Life After Cancer

The first time I heard the word ‘Cancer’, it was my mother’s diagnosis.  She was in her mid thirties, being diagnosed with breast cancer.  It was a terrifying experience.  I was 16, it was my father’s birthday, and no one knew what to make of it.  We took each day as they came.  Surgeries (double mastectomy), recoveries, treatments . . . high school . . .

I wasn’t given any information unless I asked, which most times I was simply too afraid to do.  Being an only child, I had no where to turn.  I couldn’t fall apart to my mother, she was dealing with enough.  I couldn’t fall apart to my father – we just didn’t have that kind of relationship.  So instead – I would head to the bathroom, run the shower and have a good cry.  I felt exhausted.  Nights spent sleeping on the floor as my mother slept in my my bed.  Afternoons/evenings spent doing household chores and changing bandages.  I started doing crappy in school for the first time in my academic life, and gave up caring.  I told no one at school what was happening.  I wouldn’t allow myself to take any shortcuts or sympathy – this was my mother’s battle, not mine.

What I didn’t realize at the time, was that I needed support.  I needed someone to turn to.  Someone who could answer my questions; share my fears with.  Someone who understood I was still just a kid – taking on more than a kid should be expected to on her own.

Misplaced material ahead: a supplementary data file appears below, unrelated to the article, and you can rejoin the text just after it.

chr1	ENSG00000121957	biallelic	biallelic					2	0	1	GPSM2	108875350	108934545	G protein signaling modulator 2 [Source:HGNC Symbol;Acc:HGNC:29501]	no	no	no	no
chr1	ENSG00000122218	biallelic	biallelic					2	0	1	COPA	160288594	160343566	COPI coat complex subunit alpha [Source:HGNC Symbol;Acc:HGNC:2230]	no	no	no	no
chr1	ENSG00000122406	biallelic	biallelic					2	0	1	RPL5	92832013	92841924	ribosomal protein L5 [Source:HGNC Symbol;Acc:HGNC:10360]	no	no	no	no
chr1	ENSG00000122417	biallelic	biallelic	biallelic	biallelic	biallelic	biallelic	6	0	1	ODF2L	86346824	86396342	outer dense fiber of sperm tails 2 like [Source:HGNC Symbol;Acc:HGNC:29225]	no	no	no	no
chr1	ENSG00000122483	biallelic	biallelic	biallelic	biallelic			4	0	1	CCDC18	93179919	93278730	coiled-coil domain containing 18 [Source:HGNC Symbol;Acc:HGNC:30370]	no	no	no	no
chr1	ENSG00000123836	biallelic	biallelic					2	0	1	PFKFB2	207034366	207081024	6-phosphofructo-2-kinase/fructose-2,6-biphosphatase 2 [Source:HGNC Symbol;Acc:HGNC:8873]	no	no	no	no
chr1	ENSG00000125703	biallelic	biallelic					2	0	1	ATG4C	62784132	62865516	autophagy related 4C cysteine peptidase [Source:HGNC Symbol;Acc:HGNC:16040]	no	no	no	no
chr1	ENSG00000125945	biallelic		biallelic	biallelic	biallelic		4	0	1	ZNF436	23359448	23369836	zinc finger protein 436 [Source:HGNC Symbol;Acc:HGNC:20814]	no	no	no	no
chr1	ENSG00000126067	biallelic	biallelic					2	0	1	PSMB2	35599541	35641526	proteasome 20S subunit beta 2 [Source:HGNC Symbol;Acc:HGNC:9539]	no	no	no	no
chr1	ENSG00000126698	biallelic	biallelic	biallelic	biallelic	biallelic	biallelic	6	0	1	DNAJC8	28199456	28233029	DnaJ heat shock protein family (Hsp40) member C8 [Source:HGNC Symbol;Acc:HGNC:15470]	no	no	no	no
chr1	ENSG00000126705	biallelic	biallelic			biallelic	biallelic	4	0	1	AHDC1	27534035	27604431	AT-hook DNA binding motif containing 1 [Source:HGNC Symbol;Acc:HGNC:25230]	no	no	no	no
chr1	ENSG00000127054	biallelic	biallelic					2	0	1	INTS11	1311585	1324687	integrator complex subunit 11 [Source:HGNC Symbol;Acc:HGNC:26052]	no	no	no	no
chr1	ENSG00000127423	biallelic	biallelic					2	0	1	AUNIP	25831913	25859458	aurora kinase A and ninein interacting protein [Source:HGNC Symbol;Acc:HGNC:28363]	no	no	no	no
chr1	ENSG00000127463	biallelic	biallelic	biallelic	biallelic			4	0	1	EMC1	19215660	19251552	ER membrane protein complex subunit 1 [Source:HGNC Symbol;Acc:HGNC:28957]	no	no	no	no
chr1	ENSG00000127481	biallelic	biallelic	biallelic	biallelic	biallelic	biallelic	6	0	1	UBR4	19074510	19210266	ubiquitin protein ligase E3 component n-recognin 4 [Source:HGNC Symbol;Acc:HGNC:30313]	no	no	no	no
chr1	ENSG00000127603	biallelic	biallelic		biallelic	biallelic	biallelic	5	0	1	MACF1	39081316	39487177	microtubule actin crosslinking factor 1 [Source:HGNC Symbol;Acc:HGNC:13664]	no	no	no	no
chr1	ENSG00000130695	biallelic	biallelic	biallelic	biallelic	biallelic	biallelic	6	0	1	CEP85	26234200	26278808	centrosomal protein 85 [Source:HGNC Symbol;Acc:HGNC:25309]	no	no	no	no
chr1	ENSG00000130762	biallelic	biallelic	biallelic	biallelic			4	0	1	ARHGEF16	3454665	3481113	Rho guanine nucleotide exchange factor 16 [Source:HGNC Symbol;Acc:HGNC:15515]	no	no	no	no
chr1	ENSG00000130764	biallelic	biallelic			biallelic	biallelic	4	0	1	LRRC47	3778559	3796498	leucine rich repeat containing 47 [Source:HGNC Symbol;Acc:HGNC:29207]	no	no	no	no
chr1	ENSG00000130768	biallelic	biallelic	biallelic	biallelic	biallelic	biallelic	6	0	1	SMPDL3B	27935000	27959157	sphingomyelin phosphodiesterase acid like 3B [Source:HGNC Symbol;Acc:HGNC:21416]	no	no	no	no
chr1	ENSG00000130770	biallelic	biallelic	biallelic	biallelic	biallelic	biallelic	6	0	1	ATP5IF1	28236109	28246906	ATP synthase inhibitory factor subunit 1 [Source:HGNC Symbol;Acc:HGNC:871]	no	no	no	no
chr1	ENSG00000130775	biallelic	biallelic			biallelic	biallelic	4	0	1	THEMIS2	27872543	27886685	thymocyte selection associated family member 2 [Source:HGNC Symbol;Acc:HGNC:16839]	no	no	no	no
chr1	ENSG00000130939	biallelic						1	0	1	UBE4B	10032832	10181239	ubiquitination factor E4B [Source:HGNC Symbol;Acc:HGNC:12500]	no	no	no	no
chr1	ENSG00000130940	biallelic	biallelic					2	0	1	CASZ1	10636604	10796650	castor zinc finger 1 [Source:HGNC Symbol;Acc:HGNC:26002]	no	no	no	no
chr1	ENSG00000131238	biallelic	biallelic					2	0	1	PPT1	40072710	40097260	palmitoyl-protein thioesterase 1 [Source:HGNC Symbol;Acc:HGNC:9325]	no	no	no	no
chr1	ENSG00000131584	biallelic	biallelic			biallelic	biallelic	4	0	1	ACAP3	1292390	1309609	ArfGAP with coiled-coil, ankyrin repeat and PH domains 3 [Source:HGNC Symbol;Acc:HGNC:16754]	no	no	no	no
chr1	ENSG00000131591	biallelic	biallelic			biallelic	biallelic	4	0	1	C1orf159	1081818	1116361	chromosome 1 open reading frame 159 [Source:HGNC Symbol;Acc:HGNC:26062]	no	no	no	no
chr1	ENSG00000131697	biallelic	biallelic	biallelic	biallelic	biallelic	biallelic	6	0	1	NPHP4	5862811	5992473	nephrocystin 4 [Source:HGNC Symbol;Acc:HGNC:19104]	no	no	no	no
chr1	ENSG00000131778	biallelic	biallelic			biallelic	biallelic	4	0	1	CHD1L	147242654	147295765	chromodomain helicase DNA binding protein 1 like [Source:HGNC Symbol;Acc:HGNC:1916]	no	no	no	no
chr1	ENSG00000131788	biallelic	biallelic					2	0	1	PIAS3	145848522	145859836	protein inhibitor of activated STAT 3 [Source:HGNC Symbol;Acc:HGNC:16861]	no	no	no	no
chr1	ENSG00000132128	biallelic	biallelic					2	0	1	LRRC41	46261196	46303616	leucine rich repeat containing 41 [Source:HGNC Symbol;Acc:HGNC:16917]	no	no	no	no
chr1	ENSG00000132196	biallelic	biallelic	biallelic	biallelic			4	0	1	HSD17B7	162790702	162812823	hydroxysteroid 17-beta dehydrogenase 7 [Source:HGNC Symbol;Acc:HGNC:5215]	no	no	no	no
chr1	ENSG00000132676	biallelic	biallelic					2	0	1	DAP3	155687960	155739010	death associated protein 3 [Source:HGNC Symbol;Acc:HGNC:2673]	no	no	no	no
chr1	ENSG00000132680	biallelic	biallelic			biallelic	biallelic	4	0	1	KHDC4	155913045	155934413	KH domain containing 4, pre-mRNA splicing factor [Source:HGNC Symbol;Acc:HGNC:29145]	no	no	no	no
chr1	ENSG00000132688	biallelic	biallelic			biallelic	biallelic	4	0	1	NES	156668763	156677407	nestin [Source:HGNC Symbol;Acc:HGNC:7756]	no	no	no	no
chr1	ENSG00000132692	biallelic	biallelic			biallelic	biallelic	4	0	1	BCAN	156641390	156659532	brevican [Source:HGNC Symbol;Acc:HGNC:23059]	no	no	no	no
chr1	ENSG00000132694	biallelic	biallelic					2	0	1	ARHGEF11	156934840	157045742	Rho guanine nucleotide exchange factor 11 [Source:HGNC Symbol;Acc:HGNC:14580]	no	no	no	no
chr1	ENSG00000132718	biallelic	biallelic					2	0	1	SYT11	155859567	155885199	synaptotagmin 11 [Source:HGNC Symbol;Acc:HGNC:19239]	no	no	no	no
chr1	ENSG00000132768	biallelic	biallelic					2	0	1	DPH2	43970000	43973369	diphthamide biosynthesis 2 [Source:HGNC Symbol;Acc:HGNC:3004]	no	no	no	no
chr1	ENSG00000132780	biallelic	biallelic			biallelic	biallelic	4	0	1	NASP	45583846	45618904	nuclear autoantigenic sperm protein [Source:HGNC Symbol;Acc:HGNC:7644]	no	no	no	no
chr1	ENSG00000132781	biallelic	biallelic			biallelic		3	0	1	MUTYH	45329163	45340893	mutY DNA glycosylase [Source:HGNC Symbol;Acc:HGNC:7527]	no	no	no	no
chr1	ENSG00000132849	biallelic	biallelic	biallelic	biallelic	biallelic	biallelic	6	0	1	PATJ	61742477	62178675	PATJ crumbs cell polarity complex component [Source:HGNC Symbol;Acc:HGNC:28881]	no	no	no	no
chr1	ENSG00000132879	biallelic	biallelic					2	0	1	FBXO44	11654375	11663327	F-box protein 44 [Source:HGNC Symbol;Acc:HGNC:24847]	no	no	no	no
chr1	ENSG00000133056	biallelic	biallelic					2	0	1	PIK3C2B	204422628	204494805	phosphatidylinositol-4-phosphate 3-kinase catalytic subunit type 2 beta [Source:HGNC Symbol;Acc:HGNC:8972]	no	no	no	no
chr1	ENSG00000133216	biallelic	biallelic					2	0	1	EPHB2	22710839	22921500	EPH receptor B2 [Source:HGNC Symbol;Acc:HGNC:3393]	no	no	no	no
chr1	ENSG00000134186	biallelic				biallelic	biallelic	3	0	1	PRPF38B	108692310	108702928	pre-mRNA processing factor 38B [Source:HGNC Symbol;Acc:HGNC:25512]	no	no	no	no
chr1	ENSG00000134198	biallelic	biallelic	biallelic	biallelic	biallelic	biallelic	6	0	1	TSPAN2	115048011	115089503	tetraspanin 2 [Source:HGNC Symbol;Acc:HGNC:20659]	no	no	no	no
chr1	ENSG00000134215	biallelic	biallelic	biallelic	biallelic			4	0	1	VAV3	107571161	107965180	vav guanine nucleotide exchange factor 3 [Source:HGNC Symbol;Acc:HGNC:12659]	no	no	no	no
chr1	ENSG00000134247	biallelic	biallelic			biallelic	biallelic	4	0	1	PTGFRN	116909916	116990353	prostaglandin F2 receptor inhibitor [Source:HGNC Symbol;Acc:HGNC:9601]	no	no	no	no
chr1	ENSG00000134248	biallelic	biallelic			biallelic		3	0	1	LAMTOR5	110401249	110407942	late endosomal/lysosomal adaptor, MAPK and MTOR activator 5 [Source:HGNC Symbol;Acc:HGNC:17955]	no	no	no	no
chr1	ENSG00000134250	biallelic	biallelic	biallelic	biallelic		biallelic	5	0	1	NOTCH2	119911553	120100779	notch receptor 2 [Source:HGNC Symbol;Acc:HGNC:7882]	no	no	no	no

Fast forward 12 years.  In my immediate family (extended to parents brothers and sisters), there was 7 diagnosis’ and one fatality to cancer.  It was everywhere.  I seen a lot; I supported people through a lot; I carried around a lot.

Then my call came.  Seems as though it was a game of roulette I wasn’t meant to win.  In October 2013, I was diagnosed with papillary thyroid cancer.  A story that can be found here.

One would think that after everything I had seen my mom and other family members go through, I would be some what prepared.  God, I was anything but.  I was a goal digger.  I was the optimist.  Always pushing myself to turn wishes and hopes to reality.  Funny enough, a full thyroidectomy followed by a scan to ensure what they were seeing on my lungs wasn’t cancer as well – kinda throws a girl for a loop.  A girl who was the epitome of perfect health.

The frustration that came after the cancer – sweet baby Jesus.  Within a month of being told I was all clear, my ENT/surgeon retired, my endocrinologist went on maternity leave, and I was left with a family physician who shrugged his shoulders more than he gave me answers.  I couldn’t process carbs without looking like a pregnant woman.  I couldn’t work out anymore, my heart would race and I would get so light headed I would need to lean on something to remain upright.  I was running low on energy, and the brain fog – lordy the brain fog.

My family physician sent me for an EKG and constant blood work – that was it.  It was stress.  Always stress.  I needed to cut back and stop trying to be superwoman.